Add to Cart failed.
Add to Wish List failed.
Remove from wishlist failed.
Adding to library failed
Follow podcast failed
Unfollow podcast failed
Buy for $19.95
Belle Brezing made a major career move when she stepped off the streets of Lexington, Kentucky, and into Jennie Hill's bawdy house: an upscale brothel run out of a former residence of Mary Todd Lincoln. At 19, Brezing was already infamous as a youth steeped in death, sex, drugs, and scandal. But it was in Miss Hill's "respectable" establishment that she began to acquire the skills, manners, and business contacts that allowed her to ascend to power and influence as an internationally-known madam.
In this revealing audiobook, Maryjean Wall offers a tantalizing true story of vice and power in the Gilded Age South, as told through the life and times of the notorious Miss Belle. After years on the streets and working for Hill, Belle Brezing borrowed enough money to set up her own establishment - her wealth and fame growing alongside the booming popularity of horse racing. Soon her houses were known internationally, and powerful patrons from the industrial cities of the Northeast courted her in the lavish parlors of her gilt-and-mirror mansion.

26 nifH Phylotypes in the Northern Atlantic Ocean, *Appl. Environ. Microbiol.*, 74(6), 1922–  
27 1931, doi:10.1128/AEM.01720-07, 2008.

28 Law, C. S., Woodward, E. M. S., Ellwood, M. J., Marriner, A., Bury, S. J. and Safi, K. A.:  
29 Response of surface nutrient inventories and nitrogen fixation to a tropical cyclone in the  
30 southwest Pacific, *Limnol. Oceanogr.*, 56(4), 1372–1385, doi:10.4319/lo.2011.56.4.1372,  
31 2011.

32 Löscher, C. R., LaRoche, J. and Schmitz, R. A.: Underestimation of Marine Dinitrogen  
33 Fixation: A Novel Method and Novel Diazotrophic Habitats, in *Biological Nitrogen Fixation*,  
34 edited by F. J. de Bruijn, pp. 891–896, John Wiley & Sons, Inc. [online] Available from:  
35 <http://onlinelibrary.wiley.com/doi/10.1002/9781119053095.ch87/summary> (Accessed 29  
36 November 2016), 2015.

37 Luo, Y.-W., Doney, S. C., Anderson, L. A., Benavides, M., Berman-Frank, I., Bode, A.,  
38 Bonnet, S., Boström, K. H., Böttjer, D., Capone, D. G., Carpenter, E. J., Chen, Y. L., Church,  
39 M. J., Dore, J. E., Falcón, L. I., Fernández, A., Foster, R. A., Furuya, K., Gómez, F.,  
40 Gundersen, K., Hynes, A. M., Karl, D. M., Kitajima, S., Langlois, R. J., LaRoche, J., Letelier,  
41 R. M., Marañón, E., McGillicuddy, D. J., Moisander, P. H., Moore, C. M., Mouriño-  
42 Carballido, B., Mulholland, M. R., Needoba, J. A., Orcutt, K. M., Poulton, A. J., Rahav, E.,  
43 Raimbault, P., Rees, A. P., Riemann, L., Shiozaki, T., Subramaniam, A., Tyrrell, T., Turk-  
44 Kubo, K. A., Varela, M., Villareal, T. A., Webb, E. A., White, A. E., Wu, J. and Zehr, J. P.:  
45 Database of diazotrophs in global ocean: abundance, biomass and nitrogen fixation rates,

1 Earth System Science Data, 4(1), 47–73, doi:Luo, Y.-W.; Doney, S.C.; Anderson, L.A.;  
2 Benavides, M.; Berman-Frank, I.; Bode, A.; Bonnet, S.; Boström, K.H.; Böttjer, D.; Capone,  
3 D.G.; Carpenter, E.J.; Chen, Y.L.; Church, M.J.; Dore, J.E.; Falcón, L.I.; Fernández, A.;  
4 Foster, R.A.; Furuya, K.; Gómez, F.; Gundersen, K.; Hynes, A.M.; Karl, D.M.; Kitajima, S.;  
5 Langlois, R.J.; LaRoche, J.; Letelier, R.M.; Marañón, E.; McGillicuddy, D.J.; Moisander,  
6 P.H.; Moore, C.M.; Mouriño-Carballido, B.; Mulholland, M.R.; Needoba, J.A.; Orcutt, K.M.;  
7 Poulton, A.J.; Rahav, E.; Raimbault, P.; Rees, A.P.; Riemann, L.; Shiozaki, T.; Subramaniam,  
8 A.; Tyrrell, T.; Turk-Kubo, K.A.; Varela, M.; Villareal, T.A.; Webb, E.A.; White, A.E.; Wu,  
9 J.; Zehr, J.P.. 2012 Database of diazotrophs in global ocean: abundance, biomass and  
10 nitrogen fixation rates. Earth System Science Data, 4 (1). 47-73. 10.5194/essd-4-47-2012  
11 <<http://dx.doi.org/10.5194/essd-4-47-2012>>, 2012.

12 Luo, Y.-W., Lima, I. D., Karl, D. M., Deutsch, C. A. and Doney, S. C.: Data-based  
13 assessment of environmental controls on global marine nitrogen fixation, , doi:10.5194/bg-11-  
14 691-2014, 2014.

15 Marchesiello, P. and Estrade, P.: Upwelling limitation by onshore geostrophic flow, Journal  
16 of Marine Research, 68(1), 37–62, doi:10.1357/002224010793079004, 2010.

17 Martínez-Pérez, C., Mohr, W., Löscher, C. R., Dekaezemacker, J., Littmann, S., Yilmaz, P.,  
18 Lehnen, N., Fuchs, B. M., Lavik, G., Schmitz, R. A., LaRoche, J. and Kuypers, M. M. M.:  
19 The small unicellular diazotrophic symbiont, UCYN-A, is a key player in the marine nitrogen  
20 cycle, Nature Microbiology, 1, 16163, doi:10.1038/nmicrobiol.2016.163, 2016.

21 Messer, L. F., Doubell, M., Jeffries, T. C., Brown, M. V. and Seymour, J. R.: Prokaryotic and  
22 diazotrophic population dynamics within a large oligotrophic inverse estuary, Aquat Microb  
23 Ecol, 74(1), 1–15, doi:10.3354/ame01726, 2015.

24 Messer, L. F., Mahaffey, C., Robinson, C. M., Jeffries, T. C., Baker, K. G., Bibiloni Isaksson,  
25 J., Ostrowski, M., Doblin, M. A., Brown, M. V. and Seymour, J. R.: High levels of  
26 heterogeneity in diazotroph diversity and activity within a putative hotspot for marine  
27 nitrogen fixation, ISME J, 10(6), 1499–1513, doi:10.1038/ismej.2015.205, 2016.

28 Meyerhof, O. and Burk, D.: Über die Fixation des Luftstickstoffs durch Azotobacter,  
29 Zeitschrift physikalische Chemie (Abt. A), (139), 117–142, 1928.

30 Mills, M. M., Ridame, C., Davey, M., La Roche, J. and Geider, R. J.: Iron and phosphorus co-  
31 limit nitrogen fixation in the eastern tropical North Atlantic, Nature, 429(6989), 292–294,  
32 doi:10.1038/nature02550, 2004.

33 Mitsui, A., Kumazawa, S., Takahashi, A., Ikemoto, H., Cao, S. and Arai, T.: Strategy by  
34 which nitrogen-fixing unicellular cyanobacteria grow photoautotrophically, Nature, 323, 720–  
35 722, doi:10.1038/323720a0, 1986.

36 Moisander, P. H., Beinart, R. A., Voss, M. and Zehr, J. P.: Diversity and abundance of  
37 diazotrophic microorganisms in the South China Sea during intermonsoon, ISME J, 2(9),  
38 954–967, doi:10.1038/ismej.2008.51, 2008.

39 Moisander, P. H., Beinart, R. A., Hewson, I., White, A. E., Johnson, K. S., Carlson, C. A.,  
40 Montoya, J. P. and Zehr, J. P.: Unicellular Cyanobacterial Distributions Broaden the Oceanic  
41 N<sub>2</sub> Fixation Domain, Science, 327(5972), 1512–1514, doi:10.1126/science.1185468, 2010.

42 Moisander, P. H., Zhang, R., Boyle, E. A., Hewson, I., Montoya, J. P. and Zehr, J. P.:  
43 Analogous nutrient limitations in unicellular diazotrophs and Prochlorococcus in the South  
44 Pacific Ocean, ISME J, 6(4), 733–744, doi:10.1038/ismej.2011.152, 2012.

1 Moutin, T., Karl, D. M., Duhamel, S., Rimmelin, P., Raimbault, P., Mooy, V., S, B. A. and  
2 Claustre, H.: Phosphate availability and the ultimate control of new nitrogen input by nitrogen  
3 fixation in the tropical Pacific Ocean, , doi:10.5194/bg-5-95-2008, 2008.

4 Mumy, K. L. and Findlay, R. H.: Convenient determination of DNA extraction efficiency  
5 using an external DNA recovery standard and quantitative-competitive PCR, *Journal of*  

Following Brezing from her birth amid the ruins of the Civil War to the height of her scarlet fame and beyond, Wall uses her story to explore a wider world of sex, business, politics, and power. The result is a scintillating tale that is as enthralling as any fiction.
What listeners say about Madam BelleAverage Customer Ratings
Reviews - Please select the tabs below to change the source of reviews.
- Shorty B
There was too many tangents in the book. I learned more about horseracing than I did about Madame Belle. There’s probably two hours of information on Madame Belle. The rest is information about horse racing horse culture and the political climate of the time.
All over the place, although great historical fact
The author had great facts but jumbled the book from one era to another, more of a tidbit book than an autobiography and the narrator had no consistency